Time is money in almost any business, and this is especially true for lawn and landscape companies. Labor is one of your biggest expenses, and any process or system that can make crews more efficient is likely to pay dividends. Here are five common efficiency-related problems, along with solutions that can help you increase productivity and profits.
Problem #1: Morning chaos and time wasting
You’re not alone if chaos reigns at your facility as employees arrive and begin searching for the day’s job list, assembling the tools and equipment they’ll need and hunting down the required PPE (personal protective equipment). In fact, have you considered the costs you incur each month if crews take just 15 minutes longer than necessary to get into the field each day? Those numbers add up quickly.
Solution: Successful lawn and landscape companies have developed numerous scheduling strategies. One is to move as many morning tasks, such as sharpening blades and inspecting and refueling equipment, as possible to the prior evening. Some companies have dedicated crews to this work.
In the morning, crew leaders greet each employee with a pre-shift checklist detailing items he or she needs to gather. To make finding tools and PPE an efficient process, store them in an organized manner in easy-to-access areas. Consider placing commonly used PPE such as earplugs and safety glasses on a table each morning.
Because unloading equipment, moving it into a storage building, then loading it again the next day takes significant time, some companies invest in enclosed trailers, landscape trucks with enclosed bodies or large garages where trucks and trailers can be stored overnight.
Problem #2: Fueling takes forever and ties up entire crews.
Refueling trucks and equipment is a necessity, but it doesn’t make sense for a whole crew to sit idle while a one-man task is accomplished. Worse, crewmembers are likely to wander away to browse or make purchases in the convenience store or use the bathroom. Getting everyone back in the truck can take longer than fueling.
Solution: Designate a person or group, depending on the size of your company, to handle fueling. Fill up trucks and equipment in the evenings so crews will be ready to go in the mornings. For even more time savings, invest in an on-site fuel tank.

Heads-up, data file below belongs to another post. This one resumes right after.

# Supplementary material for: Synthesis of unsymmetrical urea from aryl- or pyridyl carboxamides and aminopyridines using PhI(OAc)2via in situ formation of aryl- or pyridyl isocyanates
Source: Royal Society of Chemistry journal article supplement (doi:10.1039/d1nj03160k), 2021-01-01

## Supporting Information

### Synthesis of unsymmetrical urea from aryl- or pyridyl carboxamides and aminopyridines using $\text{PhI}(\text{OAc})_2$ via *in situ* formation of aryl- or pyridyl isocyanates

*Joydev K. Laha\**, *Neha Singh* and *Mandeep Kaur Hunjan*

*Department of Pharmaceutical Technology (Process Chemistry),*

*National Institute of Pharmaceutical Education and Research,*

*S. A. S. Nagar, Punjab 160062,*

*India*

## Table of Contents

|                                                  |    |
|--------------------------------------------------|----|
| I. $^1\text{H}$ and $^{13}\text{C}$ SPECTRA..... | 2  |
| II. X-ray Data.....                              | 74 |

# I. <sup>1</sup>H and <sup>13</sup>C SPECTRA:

Problem #3: Crewmembers choose the wrong machine or tool for the job.
Everyone knows high-speed, zero-turn mowers with large mowing decks are best for expansive lawns and walk-behind mowers are well suited for small, difficult-to-navigate areas, but poor site planning or holes in a company’s equipment lineup can lead to time-consuming mismatches.
Using the wrong pruning tool is another common error. In addition to taking more time, this can damage tools and cause excessive worker fatigue and repetitive-stress injuries. In general, hand pruners or pruning shears are appropriate for stems up to finger width, loppers are for thumb-sized material and pruning saws are needed for larger branches.
Solution: Have crew leaders make a list of the machines and tools needed for each property you manage and review those lists the day before visiting the property (in case something has changed or a task has been added). If you don’t own the right equipment for a particular job, buy or rent it, or consider passing up the work.
Train crewmembers to select the proper tool or machine for each application.
Problem #4: Using pruning tools, shovels and mowers with dull blades.
Jobs take longer, require more effort and are more dangerous when crewmembers use tools and equipment with dull blades. These blades also rip grass and tear bark and stems rather than making clean cuts, leaving plants vulnerable to disease and posing another threat to profits.
Solution: Put all pruning tools, shovels, mowers and other bladed equipment on a sharpening schedule based on manufacturers’ recommendations. Have crew leaders inspect tools to make sure blades are adequately sharpened before they go into the field, and train crew members to clean tools and sharpen blades, if necessary, at the end of the day.
Problem #5: Crewmembers spend too much time replacing, adjusting or untangling trimmer line.
Trimmers are essential tools for lawn and landscape crews, and chances are your employees spend a lot of time using them. How much of that time is spent cutting and replacing line and dealing with snags, breaks and uneven dispensing? Have crew leaders clock this, and you might be surprised by the amount of money you’re losing.
Solution: Store line out of direct sunlight as UV rays make it brittle and prone to break. Tell crewmembers not to run trimmers at full throttle since this generates heat that can melt line in the trimmer head, causing it to fuse together. Teach crewmembers to evenly wind line on the trimmer head while keeping the line as smooth as possible. If the line is too tight or too loose, one side can get stuck in the trimmer head.
If you want to avoid many of these issues altogether, the Oregon Gator® SpeedLoad™ Cutting System is a new option. This innovative system consists of a trimmer head, which comes in three sizes to fit almost any gas trimmer, and disks containing pre-wound line.
Crewmembers don’t have to spool or cut line; they simply pop the disk into the trimmer head. A new user can reload line in 20 seconds or less, and the disks easily fit in crewmembers’ pockets so they don’t have to walk to the truck to retrieve extra line. The disks typically last twice as long as traditional trimmer line, saving even more time.
To learn more about the Oregon Gator® SpeedLoad™ Cutting System, watch a video demonstration and calculate your company’s potential savings, visit gatorload.dfmstore.com/product.aspx.